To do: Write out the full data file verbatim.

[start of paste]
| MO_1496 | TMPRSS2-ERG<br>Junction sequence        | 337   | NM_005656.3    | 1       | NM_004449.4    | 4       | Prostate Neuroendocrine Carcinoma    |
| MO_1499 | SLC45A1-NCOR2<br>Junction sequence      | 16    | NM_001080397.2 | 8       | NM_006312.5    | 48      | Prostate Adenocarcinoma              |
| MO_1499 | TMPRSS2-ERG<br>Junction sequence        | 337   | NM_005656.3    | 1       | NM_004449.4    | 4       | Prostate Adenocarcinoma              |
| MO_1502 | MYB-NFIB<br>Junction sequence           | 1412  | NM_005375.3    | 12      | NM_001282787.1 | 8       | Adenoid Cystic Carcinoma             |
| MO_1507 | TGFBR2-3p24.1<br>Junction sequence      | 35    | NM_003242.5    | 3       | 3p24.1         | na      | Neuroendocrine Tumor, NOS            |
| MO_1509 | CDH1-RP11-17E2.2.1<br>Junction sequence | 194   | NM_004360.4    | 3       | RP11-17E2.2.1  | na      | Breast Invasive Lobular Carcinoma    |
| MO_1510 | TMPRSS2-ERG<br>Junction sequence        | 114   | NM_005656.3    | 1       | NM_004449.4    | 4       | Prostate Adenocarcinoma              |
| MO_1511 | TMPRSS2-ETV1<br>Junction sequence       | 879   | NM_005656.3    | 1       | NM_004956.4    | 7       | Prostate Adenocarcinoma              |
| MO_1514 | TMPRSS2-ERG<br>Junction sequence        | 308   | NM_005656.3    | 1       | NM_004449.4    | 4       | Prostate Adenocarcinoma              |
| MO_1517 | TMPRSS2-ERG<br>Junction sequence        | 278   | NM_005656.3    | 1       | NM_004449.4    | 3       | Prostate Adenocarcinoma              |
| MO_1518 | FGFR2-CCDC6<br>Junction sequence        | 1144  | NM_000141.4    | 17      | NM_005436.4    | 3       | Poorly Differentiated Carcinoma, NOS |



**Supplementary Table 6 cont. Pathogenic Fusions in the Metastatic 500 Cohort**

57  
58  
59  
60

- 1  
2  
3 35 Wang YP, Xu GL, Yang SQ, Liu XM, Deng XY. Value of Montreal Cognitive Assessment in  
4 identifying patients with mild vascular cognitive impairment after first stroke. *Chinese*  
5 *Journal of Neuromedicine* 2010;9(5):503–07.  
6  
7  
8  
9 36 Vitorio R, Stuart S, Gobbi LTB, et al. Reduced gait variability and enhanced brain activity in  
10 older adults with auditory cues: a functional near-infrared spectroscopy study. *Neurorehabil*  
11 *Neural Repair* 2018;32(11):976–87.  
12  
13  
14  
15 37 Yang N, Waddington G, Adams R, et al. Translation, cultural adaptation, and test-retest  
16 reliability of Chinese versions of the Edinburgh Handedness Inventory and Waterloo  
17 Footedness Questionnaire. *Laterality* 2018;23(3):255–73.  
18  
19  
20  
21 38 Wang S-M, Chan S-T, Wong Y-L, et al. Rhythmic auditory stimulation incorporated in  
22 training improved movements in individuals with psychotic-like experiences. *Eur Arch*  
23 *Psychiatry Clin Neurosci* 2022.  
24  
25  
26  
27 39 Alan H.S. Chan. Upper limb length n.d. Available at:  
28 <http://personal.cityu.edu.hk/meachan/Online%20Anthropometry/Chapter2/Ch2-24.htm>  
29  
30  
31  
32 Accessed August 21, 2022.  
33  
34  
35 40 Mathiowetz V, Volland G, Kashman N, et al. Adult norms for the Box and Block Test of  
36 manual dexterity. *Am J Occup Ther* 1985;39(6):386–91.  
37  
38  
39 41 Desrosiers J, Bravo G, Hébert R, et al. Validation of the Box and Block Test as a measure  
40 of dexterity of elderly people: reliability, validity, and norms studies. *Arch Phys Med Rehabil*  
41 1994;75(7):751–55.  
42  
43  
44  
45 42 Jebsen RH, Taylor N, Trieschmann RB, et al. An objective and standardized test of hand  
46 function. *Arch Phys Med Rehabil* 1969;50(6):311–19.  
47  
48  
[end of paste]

| MO_1496 | TMPRSS2-ERG<br>Junction sequence        | 337   | NM_005656.3    | 1       | NM_004449.4    | 4       | Prostate Neuroendocrine Carcinoma    |
| MO_1499 | SLC45A1-NCOR2<br>Junction sequence      | 16    | NM_001080397.2 | 8       | NM_006312.5    | 48      | Prostate Adenocarcinoma              |
| MO_1499 | TMPRSS2-ERG<br>Junction sequence        | 337   | NM_005656.3    | 1       | NM_004449.4    | 4       | Prostate Adenocarcinoma              |
| MO_1502 | MYB-NFIB<br>Junction sequence           | 1412  | NM_005375.3    | 12      | NM_001282787.1 | 8       | Adenoid Cystic Carcinoma             |
| MO_1507 | TGFBR2-3p24.1<br>Junction sequence      | 35    | NM_003242.5    | 3       | 3p24.1         | na      | Neuroendocrine Tumor, NOS            |
| MO_1509 | CDH1-RP11-17E2.2.1<br>Junction sequence | 194   | NM_004360.4    | 3       | RP11-17E2.2.1  | na      | Breast Invasive Lobular Carcinoma    |
| MO_1510 | TMPRSS2-ERG<br>Junction sequence        | 114   | NM_005656.3    | 1       | NM_004449.4    | 4       | Prostate Adenocarcinoma              |
| MO_1511 | TMPRSS2-ETV1<br>Junction sequence       | 879   | NM_005656.3    | 1       | NM_004956.4    | 7       | Prostate Adenocarcinoma              |
| MO_1514 | TMPRSS2-ERG<br>Junction sequence        | 308   | NM_005656.3    | 1       | NM_004449.4    | 4       | Prostate Adenocarcinoma              |
| MO_1517 | TMPRSS2-ERG<br>Junction sequence        | 278   | NM_005656.3    | 1       | NM_004449.4    | 3       | Prostate Adenocarcinoma              |
| MO_1518 | FGFR2-CCDC6<br>Junction sequence        | 1144  | NM_000141.4    | 17      | NM_005436.4    | 3       | Poorly Differentiated Carcinoma, NOS |



**Supplementary Table 6 cont. Pathogenic Fusions in the Metastatic 500 Cohort**

57  
58  
59  
60

- 1  
2  
3 35 Wang YP, Xu GL, Yang SQ, Liu XM, Deng XY. Value of Montreal Cognitive Assessment in  
4 identifying patients with mild vascular cognitive impairment after first stroke. *Chinese*  
5 *Journal of Neuromedicine* 2010;9(5):503–07.  
6  
7  
8  
9 36 Vitorio R, Stuart S, Gobbi LTB, et al. Reduced gait variability and enhanced brain activity in  
10 older adults with auditory cues: a functional near-infrared spectroscopy study. *Neurorehabil*  
11 *Neural Repair* 2018;32(11):976–87.  
12  
13  
14  
15 37 Yang N, Waddington G, Adams R, et al. Translation, cultural adaptation, and test-retest  
16 reliability of Chinese versions of the Edinburgh Handedness Inventory and Waterloo  
17 Footedness Questionnaire. *Laterality* 2018;23(3):255–73.  
18  
19  
20  
21 38 Wang S-M, Chan S-T, Wong Y-L, et al. Rhythmic auditory stimulation incorporated in  
22 training improved movements in individuals with psychotic-like experiences. *Eur Arch*  
23 *Psychiatry Clin Neurosci* 2022.  
24  
25  
26  
27 39 Alan H.S. Chan. Upper limb length n.d. Available at:  
28 <http://personal.cityu.edu.hk/meachan/Online%20Anthropometry/Chapter2/Ch2-24.htm>  
29  
30  
31  
32 Accessed August 21, 2022.  
33  
34  
35 40 Mathiowetz V, Volland G, Kashman N, et al. Adult norms for the Box and Block Test of  
36 manual dexterity. *Am J Occup Ther* 1985;39(6):386–91.  
37  
38  
39 41 Desrosiers J, Bravo G, Hébert R, et al. Validation of the Box and Block Test as a measure  
40 of dexterity of elderly people: reliability, validity, and norms studies. *Arch Phys Med Rehabil*  
41 1994;75(7):751–55.  
42  
43  
44  
45 42 Jebsen RH, Taylor N, Trieschmann RB, et al. An objective and standardized test of hand  
46 function. *Arch Phys Med Rehabil* 1969;50(6):311–19.  
47  
48  